The New York Times continues to bend over backward to excuse the behavior of Republican governors who have undermined COVID-19 vaccinations, depicting them as almost passive observers in their states’ rising caseloads amid a partisan culture war over public health measures — rather than acknowledging that their policies are part of the problem.
The Times is repeating the mistakes of other mainstream media outlets in depicting Republican governors’ intransigence on public health as if it were mainly just a political narrative — and thus granting a false equivalence to the side opposing safety measures — rather than as an ongoing disaster with real consequences for people in their states. And at a time when right-wing media is waging an active propaganda campaign to back up this kind of malfeasance, mainstream outlets are failing their readers with a baseless both-sides narrative.
Over the weekend, the Times ran an article titled “What Went Wrong With the Pandemic in Florida,” claiming in the sub-headline: “Even a large state that emphasized vaccinations in combating the coronavirus can be crushed by the Delta variant when no other measures are put in place.”
The Times’ characterization of Florida as having “emphasized vaccinations” was blatantly false. In fact, the state has passed a law to forbid private businesses from requiring vaccinations for prospective customers, which is now being fought in the courts. (And the Times reporters obviously know about this, because one of the three reporters sharing the new story’s byline, Patricia Mazzei, also previously co-wrote the Times’ article on Gov. Ron DeSantis’ initial executive order back in April.)
The fifth paragraph further characterized Florida as “a state that made a major push for vaccinations,” before explaining that it ranked in 21st place among the 50 states and the District of Columbia — which would only put it nearly in the middle of the state rankings.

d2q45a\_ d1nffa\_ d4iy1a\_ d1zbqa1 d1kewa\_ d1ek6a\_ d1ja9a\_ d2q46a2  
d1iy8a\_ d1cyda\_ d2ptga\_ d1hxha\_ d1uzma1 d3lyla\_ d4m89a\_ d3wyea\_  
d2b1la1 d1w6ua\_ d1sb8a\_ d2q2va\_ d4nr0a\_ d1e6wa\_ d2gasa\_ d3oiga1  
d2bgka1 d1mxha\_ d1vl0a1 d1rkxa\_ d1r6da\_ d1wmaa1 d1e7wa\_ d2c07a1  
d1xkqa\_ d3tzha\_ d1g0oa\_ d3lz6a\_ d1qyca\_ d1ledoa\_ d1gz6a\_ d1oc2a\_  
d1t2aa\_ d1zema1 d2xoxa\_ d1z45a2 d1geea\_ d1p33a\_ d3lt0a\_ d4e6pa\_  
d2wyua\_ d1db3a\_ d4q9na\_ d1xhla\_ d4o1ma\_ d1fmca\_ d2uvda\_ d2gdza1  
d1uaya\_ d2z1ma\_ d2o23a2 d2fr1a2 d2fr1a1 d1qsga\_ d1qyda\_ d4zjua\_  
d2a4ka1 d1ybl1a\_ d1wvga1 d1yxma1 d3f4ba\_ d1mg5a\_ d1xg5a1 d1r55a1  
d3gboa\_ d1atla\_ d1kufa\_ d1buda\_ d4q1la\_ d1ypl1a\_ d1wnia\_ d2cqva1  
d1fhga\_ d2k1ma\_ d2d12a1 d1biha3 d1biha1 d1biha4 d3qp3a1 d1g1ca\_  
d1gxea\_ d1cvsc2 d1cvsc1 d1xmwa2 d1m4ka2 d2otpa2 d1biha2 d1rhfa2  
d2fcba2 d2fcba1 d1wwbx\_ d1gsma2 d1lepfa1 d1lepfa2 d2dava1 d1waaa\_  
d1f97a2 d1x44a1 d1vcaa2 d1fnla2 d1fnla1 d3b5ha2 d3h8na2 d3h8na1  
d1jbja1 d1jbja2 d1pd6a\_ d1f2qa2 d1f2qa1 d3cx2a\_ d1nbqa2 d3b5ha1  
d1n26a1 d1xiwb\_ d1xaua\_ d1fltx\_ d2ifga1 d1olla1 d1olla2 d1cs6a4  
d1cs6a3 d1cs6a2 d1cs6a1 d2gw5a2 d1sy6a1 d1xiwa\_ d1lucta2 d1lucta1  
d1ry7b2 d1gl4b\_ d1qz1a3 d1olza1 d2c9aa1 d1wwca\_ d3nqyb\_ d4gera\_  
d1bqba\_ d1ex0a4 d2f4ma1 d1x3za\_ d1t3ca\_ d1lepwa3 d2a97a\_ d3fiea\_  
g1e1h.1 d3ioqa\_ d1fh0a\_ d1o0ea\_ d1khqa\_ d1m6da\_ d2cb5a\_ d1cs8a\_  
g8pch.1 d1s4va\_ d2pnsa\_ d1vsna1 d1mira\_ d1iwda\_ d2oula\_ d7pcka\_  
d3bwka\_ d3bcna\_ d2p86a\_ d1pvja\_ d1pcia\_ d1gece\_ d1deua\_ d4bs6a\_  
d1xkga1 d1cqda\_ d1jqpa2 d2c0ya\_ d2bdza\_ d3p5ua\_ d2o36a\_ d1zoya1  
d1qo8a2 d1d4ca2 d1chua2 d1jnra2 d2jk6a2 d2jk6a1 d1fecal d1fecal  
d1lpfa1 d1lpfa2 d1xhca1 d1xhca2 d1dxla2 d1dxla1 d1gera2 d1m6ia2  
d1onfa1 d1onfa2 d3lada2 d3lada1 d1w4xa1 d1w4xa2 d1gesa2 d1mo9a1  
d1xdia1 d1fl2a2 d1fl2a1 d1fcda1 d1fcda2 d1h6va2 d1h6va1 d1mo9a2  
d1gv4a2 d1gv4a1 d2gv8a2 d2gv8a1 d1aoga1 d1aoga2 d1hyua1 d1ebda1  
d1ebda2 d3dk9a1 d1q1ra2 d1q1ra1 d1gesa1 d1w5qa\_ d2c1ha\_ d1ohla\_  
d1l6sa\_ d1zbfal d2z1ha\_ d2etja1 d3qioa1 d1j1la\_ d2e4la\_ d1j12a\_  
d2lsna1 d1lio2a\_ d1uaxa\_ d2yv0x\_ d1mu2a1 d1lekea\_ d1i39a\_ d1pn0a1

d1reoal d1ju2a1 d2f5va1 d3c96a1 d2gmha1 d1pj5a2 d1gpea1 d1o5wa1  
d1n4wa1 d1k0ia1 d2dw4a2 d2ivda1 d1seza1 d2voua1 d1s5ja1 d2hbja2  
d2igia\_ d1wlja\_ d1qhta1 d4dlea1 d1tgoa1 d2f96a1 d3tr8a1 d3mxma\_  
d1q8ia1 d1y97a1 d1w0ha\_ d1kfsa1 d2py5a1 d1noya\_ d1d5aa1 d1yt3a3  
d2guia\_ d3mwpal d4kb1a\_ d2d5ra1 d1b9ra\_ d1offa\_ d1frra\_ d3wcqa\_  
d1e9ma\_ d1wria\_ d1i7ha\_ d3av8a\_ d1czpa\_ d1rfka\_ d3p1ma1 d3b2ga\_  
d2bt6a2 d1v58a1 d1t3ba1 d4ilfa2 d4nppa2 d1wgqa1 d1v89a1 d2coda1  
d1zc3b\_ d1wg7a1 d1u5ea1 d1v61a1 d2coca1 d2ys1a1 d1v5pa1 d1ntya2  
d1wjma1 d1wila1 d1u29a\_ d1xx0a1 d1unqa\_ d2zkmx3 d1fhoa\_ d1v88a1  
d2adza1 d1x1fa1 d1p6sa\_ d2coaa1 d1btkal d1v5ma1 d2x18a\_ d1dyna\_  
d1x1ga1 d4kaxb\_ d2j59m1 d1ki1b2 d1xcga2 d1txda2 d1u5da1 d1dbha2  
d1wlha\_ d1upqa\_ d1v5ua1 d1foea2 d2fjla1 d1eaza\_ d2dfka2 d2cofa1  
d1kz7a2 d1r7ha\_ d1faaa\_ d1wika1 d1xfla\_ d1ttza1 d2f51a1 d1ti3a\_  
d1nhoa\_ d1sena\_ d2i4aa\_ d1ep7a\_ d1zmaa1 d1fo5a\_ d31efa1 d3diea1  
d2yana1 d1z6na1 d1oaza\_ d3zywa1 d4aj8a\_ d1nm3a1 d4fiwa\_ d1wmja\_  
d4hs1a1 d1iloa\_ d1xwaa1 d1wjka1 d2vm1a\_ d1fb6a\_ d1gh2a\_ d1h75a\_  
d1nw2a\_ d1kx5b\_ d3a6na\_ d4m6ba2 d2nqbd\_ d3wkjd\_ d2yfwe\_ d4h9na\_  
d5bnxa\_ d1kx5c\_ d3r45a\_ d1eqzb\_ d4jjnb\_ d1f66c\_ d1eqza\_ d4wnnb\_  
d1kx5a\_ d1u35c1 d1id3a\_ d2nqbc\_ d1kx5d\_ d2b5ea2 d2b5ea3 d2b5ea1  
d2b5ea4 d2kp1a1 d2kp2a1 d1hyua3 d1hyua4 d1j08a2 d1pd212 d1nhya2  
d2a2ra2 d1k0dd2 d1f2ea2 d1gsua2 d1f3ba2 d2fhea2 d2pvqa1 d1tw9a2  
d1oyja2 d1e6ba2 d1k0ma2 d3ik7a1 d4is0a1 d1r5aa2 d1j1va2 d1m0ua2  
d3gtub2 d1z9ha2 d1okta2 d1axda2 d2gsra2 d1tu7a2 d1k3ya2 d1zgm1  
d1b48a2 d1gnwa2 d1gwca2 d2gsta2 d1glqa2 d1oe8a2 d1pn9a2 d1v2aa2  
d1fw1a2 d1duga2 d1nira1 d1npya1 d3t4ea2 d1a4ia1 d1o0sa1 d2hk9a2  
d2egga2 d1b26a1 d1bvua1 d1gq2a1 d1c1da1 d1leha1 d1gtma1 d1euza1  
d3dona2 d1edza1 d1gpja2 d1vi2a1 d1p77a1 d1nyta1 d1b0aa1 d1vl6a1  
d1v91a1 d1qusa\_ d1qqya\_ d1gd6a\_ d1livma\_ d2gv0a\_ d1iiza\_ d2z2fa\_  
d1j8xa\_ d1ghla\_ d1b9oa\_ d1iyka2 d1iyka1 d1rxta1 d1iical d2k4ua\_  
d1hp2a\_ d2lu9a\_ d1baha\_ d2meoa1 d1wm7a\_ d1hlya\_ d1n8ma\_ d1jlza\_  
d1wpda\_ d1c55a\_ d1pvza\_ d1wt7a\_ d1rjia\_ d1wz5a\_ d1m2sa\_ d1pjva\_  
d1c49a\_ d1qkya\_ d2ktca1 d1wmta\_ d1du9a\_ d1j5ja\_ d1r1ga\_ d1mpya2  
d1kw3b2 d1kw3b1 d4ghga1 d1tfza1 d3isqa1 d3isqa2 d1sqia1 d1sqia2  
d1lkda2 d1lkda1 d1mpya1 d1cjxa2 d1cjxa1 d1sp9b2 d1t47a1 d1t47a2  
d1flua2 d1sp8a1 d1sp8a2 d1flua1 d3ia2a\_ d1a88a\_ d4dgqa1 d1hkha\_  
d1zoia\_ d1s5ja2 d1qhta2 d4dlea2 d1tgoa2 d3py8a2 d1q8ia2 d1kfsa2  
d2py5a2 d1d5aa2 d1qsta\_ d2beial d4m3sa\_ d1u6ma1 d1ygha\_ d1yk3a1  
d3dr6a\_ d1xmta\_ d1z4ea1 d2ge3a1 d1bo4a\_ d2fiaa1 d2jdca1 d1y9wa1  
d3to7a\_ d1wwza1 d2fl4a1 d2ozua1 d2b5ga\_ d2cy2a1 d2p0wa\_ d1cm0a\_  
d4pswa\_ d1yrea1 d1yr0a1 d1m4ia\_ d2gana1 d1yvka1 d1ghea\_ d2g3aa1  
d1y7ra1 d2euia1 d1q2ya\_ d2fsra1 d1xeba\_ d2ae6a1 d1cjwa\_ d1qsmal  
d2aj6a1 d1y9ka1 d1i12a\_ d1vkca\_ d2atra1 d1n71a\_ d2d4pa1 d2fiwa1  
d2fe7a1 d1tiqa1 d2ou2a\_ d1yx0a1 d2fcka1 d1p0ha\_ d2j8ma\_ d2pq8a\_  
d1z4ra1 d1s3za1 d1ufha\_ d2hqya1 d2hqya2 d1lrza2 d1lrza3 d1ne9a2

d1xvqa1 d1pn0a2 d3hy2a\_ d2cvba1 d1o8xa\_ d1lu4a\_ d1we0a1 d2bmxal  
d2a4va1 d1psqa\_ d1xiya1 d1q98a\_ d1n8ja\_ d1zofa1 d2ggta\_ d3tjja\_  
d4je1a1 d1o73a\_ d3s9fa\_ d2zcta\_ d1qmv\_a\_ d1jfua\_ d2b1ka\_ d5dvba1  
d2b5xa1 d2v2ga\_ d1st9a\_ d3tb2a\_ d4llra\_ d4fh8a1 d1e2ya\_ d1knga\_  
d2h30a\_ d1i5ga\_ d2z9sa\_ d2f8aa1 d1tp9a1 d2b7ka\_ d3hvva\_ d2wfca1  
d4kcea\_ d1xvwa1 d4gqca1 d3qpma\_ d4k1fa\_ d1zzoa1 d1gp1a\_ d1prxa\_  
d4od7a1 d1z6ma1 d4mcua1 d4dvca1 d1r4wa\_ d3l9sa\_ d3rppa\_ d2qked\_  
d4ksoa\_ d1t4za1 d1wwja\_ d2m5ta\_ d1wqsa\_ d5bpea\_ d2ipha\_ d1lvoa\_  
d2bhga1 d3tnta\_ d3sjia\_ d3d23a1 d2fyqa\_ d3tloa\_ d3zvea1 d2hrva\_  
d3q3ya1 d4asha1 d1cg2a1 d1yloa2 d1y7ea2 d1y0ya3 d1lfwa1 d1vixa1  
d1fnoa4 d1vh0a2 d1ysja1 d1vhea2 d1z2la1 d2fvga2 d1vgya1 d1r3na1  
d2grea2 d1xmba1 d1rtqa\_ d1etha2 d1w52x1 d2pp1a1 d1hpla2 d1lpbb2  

Furthermore, while the article said early on that Florida had “refused lockdowns and mask orders,” it was not until the 12th paragraph that the Times actually explained any of the extent to which DeSantis had actively “sought to steer away from measures that could curtail infections,” such as by “banning strict mask mandates in public schools.”
Oddly enough, a separate Times article on Tuesday was much more clear-eyed, explaining how multiple Republican governors have catered to a right-wing political base opposed to public health measures and noting, “Skepticism about masks, vaccines and the rules governing them is increasingly intertwined with the cultural issues that dominate the modern Republican Party.” For example, the article mentioned that DeSantis has been selling campaign merchandise labeled “Don’t Fauci My Florida,” and is now even withholding state money from school districts that require masks.
Even then, this article only mentioned the restrictions on private businesses in the most oblique manner, by quoting Maryland Gov. Larry Hogan as he decried mandates “that businesses can’t make their own decisions about vaccines” — but without specifically mentioning any Republican governors who have actually done this.
And then on Wednesday, the Times ran yet another piece on a Republican governor, Arizona’s Doug Ducey, who was purportedly “moving to the front of the volatile new battle over personal freedoms, children’s health and the politicization of pandemic relief money,” to describe his crackdown against masking requirements in schools even as pediatric COVID-19 hospitalizations in the state have doubled. For this, the article said, Ducey had been “battered from all political sides” by both Democrats and “the right wing of Arizona’s splintered Republican Party.”
The article twice characterized Ducey as being a “vocal supporter” of vaccinations, but failed to mention anything he might have done in support of vaccines — or the fact that he has banned local governments from instituting vaccine requirements. (A separate bill, which would have copied Florida in punishing businesses that wanted to require vaccines, failed by a one-vote margin in the state Senate, demonstrating that the Arizona GOP might not be so widely “splintered” after all.)